In C++, I want my interface, .h to say int GetSomeInt() const;… but actually the method *DOES* update “this”.

0 votes
asked Nov 26, 2008 by corey-trager

I'm adding some lazy initialization logic to a const method, which makes the method in fact not const. Is there a way for me to do this without having to remove the "const" from the public interface?

int MyClass::GetSomeInt() const
{
    // lazy logic
    if (m_bFirstTime)
    {
        m_bFirstTime = false;
        Do something once
    }

    return some int...

}

EDIT: Does the "mutable" keyword play a role here?

5 Answers

0 votes
answered Nov 26, 2008 by e-james

set the m_bFirstTime member to be mutable

0 votes
answered Nov 26, 2008 by john-dibling

Make m_bFirstTime mutable:

class MyClass
{
  : :
  mutable bool m_bFirstTime;
};

...but this is also very often an indication of a design flaw. So beware.

0 votes
answered Nov 26, 2008 by john-dibling

Actually, you said that you didn't want to change the header file. So your only option is to cast away the constness of the this pointer...

int MyClass::GetSomeInt() const
{
    MyClass* that = const_cast<MyClass*>(this);

    // lazy logic
    if (that->m_bFirstTime)
    {
        that->m_bFirstTime = false;
        Do something once
    }

    return some int...

}

If using mutable raises a red flag, this launches a red flag store in to orbit. Doing stuff like this is usually a really bad idea.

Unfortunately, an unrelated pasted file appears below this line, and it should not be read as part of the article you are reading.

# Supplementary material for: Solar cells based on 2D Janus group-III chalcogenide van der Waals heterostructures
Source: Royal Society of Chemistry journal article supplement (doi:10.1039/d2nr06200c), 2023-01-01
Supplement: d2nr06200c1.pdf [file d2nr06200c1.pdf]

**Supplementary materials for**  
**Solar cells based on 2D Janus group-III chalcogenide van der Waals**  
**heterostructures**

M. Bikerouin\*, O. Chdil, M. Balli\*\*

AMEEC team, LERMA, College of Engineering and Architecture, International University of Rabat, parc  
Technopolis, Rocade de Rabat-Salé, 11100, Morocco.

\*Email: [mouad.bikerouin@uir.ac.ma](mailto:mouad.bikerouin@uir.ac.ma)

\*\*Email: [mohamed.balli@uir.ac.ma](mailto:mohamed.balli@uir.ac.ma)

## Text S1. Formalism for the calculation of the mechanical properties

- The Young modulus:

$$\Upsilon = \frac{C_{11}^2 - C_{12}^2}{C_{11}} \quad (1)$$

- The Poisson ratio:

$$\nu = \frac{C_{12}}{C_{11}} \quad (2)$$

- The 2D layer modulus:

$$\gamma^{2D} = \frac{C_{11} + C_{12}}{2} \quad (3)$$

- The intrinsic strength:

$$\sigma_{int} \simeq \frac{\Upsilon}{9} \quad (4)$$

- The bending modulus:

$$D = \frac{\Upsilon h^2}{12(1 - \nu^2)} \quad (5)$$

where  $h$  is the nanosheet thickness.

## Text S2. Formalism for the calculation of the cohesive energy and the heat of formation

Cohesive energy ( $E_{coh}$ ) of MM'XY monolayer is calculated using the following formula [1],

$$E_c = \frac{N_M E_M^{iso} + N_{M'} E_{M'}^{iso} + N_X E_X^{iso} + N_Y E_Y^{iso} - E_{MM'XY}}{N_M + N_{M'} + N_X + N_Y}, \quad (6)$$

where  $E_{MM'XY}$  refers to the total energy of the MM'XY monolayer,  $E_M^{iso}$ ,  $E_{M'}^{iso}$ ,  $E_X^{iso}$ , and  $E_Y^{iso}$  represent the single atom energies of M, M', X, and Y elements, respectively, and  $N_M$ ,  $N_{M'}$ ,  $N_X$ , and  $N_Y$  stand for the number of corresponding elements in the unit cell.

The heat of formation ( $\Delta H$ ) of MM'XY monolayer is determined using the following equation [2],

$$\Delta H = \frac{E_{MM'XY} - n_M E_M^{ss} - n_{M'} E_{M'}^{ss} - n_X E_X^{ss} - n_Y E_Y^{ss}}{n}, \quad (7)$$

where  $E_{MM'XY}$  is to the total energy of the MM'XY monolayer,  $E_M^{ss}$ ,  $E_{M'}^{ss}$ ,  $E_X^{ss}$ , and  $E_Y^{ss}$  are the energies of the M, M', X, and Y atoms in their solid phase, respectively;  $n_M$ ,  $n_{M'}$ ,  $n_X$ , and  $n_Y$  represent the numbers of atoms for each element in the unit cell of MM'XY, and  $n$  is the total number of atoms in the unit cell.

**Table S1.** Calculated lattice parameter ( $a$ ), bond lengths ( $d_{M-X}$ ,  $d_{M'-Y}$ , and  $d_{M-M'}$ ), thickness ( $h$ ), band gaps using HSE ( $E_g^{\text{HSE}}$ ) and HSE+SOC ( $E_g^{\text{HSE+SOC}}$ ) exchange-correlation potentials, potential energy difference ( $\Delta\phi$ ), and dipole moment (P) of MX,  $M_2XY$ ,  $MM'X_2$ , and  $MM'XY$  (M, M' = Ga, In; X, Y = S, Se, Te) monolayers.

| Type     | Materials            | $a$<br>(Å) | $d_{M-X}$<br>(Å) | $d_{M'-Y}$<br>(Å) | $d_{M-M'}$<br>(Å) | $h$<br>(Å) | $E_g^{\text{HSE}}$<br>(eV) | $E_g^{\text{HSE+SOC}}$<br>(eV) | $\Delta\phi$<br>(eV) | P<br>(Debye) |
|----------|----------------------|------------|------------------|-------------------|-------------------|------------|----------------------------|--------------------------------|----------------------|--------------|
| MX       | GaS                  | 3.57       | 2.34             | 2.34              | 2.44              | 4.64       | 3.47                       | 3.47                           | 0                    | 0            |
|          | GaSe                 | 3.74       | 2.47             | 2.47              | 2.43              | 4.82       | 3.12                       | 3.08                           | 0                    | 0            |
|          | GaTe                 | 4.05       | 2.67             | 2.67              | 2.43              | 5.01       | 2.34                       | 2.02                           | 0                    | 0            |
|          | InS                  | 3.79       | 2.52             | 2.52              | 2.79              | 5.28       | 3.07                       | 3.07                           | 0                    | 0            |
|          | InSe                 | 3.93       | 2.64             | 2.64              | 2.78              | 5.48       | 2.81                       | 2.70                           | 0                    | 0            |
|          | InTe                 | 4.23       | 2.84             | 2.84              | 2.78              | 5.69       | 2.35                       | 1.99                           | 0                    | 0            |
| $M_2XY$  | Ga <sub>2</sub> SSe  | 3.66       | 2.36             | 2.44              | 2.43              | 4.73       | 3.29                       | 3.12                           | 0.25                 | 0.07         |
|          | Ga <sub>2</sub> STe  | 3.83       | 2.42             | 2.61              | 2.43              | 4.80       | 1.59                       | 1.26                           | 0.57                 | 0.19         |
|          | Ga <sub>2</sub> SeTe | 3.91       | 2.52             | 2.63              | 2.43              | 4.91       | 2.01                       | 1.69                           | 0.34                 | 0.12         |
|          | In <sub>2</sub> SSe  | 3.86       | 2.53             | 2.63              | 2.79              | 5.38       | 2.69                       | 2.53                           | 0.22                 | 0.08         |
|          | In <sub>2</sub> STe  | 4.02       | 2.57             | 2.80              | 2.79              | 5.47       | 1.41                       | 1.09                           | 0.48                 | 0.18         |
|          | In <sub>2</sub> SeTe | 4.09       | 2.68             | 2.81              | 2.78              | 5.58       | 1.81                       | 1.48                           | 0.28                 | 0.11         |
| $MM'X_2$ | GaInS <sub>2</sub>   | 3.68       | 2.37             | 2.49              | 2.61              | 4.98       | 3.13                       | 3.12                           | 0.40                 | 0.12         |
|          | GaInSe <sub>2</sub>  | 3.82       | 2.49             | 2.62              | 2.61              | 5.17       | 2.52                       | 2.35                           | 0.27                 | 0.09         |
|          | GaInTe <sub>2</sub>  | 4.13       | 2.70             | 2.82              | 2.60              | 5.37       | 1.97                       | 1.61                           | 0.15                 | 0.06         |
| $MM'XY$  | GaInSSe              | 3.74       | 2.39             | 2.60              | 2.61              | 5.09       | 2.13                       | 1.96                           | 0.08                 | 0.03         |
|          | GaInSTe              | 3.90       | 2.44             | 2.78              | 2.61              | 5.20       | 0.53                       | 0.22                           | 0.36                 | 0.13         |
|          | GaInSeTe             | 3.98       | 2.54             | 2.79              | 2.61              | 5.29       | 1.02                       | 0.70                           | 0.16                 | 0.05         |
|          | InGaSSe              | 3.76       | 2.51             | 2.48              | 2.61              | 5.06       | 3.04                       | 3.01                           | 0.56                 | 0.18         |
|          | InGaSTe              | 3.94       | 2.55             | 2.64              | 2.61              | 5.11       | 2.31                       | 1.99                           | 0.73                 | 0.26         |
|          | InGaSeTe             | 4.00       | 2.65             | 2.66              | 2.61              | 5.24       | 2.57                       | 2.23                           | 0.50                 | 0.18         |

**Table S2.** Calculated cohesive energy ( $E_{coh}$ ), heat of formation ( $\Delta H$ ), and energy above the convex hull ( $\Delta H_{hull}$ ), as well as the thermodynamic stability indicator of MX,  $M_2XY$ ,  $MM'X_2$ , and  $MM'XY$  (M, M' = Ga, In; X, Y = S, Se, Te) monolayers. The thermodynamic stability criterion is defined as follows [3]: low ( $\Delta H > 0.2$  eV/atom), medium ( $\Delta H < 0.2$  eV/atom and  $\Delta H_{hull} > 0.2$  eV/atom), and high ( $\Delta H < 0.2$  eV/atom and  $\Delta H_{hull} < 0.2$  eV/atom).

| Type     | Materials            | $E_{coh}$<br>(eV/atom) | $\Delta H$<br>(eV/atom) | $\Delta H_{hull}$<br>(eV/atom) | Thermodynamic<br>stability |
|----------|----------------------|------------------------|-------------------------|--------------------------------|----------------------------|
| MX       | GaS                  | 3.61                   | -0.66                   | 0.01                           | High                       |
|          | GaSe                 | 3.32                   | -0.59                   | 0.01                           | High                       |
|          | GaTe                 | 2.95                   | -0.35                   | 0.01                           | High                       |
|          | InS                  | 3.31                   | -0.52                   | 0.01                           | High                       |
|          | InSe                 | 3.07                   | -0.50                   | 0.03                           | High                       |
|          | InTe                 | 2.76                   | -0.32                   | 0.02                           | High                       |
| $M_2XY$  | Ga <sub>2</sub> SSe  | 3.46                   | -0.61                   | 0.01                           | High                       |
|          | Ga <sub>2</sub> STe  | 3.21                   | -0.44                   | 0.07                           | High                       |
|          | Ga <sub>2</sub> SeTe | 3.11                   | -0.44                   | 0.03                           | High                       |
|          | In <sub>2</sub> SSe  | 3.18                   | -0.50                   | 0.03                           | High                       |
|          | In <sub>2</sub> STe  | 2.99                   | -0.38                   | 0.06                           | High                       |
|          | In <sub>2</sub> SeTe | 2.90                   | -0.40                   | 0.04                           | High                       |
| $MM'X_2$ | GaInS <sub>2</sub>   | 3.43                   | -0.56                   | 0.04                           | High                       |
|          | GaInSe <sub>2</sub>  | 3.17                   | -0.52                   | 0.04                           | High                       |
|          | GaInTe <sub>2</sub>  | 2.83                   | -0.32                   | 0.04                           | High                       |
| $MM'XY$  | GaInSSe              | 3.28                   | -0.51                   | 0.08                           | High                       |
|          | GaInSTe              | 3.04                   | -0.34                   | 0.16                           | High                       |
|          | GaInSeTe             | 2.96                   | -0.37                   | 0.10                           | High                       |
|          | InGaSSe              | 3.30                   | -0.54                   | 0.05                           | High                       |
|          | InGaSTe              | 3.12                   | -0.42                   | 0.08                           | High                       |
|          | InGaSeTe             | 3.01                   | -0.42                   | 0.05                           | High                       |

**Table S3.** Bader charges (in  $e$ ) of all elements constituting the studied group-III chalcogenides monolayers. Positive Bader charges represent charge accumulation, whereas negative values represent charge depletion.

0 votes
answered Nov 26, 2008 by eclipse

In any case - make note that this is no longer going to be thread safe. You can often rely on an object to be thread safe if it only has const methods (or you use only the const methods after initialization). But if those const methods are only logically const, then you lose that benefit (unless of course you start locking it all the time).

The only compiler optimization that could cause havok would be for the compiler to figure out that you're calling the method twice with the same arguments, and just reuse the first return value - which is fine as long as the function truly is logically const, and returns the same value for a given set of arguments (and object state). Even that optimization isn't valid if it's possible that anyone (including another thread) has had access to the object to call non-const methods on it.

mutable was added to the language specifically for this case. C++ is a pragmatic language, and is happy to allow corner cases like this to exist for when they are needed.

0 votes
answered Nov 26, 2008 by andrew-stein

I think of this problem as involving two concepts: (1) "logically const" and (2) "bitwise const". By this I mean that getting some int from a class, does not logically change the class and in most cases it does not change the bits of the class members. However, in some cases, like yours, it does.

In these cases, where the method is logically const but not bitwise const, the compiler cannot know this. This is the reason for the existence of the mutable keyword. Use it as John Dibling shows, but it is not a design flaw. On the contrary, there are many cases where this is necessary. In your example, I presume that the calculation of the int is expensive, so we do not want to calculate it if it is not needed. In other cases, you may wish to cache results of methods for later use, etc.

BTW, even though you have accepted the "mutable" answer as correct, you do have to update the .h!

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